For as long as I can remember, every Christmas Eve my parents would bundle me up in my coat and hat, hand me a plastic baby figurine that was supposed to represent the Baby Jesus and instruct me to trample through our front garden (or what we in Queens consider a garden – more like a patch of dirt) and place the baby in the manager.
My father, being the construction worker that he was, would build a makeshift manger out of spare wood every December, assemble it in our front garden and then strategically place the plastic figurines that resembled Mary and Joseph, the three wise men, a shepherd and a few sheep in and around the manger. Baby Jesus however, would always remain inside our house where he and the rest of us would eagerly anticipate the night of his birth. Then come Christmas Eve, I would lay Baby Jesus in the manager and officially kick off our Christmas celebration. This annual ritual was of course, always captured on film. As the years passed, the allure of the tradition began to wear thin. Some years the garden and the manger would be covered in snow complicating my task even more, or it would be pouring rain and my umbrella would never quite keep me as dry as I had hoped, or it would just be plain freezing cold out. I mean, did I really need to subject the little guy to those weather conditions?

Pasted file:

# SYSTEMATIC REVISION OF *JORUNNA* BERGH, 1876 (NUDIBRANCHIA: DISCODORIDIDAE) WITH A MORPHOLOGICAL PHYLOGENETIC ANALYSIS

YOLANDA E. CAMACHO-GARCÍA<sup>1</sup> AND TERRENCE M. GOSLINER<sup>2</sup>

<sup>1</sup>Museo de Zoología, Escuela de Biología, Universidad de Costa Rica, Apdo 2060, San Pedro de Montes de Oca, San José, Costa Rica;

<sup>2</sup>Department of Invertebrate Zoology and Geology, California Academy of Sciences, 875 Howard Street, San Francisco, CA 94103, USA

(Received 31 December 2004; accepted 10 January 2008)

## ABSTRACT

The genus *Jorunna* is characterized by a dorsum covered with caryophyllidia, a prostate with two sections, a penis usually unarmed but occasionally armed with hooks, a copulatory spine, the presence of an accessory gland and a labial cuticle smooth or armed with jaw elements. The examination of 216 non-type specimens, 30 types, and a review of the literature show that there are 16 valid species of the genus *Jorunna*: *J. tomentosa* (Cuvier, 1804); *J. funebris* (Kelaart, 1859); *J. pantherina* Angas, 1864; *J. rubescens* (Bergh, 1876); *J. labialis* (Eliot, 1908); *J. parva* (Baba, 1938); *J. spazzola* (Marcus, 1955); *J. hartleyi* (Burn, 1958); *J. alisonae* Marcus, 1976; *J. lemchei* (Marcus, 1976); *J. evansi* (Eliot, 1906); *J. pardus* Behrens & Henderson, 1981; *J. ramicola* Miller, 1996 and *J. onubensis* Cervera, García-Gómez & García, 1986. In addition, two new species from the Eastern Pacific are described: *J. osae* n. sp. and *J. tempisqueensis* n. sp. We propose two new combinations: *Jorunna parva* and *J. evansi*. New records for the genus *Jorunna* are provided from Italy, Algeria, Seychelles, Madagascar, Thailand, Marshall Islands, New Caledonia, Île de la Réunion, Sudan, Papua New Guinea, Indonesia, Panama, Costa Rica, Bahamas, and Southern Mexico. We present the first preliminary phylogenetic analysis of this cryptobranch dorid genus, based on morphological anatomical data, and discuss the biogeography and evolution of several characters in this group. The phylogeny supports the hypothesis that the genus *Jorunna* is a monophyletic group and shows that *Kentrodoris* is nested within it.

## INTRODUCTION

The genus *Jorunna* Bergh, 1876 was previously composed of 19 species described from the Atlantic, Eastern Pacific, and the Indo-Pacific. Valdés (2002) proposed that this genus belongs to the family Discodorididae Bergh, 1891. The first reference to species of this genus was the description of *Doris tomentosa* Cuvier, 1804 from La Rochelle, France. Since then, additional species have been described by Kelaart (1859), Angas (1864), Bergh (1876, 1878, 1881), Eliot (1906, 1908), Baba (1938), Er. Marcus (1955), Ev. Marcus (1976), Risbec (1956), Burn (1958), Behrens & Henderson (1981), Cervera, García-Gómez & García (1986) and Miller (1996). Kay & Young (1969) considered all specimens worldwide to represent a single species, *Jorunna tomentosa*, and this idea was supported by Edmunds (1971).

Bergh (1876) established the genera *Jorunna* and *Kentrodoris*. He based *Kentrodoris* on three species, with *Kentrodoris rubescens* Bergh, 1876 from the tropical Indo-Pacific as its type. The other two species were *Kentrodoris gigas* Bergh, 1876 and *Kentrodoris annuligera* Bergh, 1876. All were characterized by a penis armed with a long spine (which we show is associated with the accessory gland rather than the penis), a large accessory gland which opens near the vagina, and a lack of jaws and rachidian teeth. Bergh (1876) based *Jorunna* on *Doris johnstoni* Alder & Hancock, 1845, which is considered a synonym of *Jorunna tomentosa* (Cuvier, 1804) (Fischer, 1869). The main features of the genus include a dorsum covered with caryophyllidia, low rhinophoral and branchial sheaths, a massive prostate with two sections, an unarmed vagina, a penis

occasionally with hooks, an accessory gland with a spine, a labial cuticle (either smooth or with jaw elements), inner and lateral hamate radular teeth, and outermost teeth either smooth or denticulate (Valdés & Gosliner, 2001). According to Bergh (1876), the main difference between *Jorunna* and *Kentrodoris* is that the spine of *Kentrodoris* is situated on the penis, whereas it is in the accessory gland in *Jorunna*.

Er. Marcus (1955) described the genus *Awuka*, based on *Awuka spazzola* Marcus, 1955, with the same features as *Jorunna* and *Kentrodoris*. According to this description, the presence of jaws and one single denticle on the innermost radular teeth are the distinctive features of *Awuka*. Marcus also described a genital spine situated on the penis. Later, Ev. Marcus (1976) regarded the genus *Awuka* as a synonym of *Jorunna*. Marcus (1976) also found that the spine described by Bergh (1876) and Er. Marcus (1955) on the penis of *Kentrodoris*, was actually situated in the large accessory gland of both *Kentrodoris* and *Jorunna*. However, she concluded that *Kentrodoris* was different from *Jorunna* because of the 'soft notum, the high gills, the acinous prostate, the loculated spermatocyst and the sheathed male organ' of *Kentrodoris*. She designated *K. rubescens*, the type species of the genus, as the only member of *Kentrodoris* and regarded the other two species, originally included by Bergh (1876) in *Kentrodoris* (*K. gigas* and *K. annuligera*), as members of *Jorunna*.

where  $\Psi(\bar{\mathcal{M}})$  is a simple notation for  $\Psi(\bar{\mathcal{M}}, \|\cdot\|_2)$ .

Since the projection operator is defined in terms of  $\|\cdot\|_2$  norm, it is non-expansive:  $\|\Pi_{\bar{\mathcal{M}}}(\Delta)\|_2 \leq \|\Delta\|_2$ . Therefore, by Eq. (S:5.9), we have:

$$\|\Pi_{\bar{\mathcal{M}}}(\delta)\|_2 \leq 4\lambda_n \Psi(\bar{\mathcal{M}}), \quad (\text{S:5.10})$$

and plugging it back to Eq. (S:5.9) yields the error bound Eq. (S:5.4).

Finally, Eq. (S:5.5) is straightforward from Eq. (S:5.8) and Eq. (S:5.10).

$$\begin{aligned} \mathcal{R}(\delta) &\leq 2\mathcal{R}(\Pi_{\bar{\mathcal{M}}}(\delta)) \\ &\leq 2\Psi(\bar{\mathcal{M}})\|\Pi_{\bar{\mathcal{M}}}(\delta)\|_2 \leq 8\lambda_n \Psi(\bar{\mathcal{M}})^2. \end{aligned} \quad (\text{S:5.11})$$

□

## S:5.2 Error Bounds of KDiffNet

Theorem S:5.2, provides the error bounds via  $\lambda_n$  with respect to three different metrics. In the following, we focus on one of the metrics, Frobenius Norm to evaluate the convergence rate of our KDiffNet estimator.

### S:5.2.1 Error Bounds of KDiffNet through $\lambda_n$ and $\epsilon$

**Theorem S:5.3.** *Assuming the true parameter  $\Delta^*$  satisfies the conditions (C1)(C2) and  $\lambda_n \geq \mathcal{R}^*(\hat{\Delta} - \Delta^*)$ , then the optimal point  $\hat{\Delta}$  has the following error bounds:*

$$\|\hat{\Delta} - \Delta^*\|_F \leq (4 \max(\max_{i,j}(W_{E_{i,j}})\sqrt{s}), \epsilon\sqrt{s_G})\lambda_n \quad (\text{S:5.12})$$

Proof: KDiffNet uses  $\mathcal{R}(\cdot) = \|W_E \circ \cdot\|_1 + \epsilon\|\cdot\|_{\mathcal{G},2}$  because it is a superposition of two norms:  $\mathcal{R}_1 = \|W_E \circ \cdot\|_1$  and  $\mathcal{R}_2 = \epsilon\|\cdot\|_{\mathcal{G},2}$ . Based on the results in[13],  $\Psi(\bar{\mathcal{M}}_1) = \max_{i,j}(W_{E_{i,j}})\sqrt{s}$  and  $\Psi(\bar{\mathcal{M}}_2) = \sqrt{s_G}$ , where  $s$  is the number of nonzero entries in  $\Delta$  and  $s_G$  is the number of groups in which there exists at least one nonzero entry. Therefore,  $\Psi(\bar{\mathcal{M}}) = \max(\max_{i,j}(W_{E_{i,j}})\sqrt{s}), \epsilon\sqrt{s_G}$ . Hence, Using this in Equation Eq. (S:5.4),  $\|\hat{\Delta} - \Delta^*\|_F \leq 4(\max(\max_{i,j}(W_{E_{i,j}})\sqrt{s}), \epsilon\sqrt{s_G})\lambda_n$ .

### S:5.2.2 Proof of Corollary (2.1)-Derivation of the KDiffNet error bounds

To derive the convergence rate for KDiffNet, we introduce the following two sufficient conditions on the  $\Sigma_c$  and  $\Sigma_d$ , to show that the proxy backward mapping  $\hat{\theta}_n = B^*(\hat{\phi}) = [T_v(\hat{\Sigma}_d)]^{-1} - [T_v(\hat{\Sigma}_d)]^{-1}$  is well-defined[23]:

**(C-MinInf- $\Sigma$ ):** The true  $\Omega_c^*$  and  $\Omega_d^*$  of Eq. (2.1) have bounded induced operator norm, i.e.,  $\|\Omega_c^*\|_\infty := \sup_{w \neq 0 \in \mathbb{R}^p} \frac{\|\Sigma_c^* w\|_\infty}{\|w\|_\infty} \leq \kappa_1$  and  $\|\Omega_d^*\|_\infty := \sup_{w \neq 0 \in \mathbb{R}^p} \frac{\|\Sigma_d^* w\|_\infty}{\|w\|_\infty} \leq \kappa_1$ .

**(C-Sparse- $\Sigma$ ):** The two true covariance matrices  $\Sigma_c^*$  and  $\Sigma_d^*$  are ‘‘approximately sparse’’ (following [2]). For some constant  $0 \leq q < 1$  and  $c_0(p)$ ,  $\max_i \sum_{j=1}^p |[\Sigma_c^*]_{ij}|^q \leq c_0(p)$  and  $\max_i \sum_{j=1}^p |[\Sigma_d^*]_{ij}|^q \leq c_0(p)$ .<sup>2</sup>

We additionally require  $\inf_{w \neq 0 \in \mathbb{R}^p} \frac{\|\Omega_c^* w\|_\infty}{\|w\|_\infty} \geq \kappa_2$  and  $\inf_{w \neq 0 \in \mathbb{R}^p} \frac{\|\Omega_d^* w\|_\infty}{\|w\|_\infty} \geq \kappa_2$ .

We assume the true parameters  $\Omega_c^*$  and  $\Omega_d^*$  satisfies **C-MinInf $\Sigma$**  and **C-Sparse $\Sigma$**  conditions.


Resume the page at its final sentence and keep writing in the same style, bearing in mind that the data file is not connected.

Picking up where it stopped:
By the time I reached my teens, I couldn’t wait for my sisters to start having kids so I could pass the obligatory torch or in this case baby, along to their children. However, my first niece Francesca wasn’t born until I was twenty years old, and even then I still had to do the honors and carry both her and Jesus to the manger. When my second niece Stephanie was born, the entire family and I couldn’t wait for the two girls to grow up and take over the tradition. I was relieved and thrilled to say the least!
However they both simply refused. These innocent little girls ages two and three, threw fits and temper tantrums, adamant about not stepping one single foot into our garden or going anywhere near that manager. They wanted no part of this tradition and believe it or not everyone simply accepted their belligerence. As a result, the torch was never passed on and that bastard Baby Jesus would remain my responsibility and mine alone.
I am now…well let’s just say I’m in my thirties, yet still every Christmas Eve my parents become far too elated as they grab their cameras, toss the Baby Jesus my way, and insist that I once again perform the honors. Like an obedient child, I still give into their wishes as I squeeze past the rose bush hoping not to catch my cashmere sweater on a branch or thorn, try not to crush any plants with my freshly polished Kenneth Cole loafers, squat down between the now overgrown shrubs and pose for my annual photo op. And in that moment, much like the figurine I lay in the manger, time stands still and neither one of us has grown up or changed much - we’re still just our parents precious baby boys.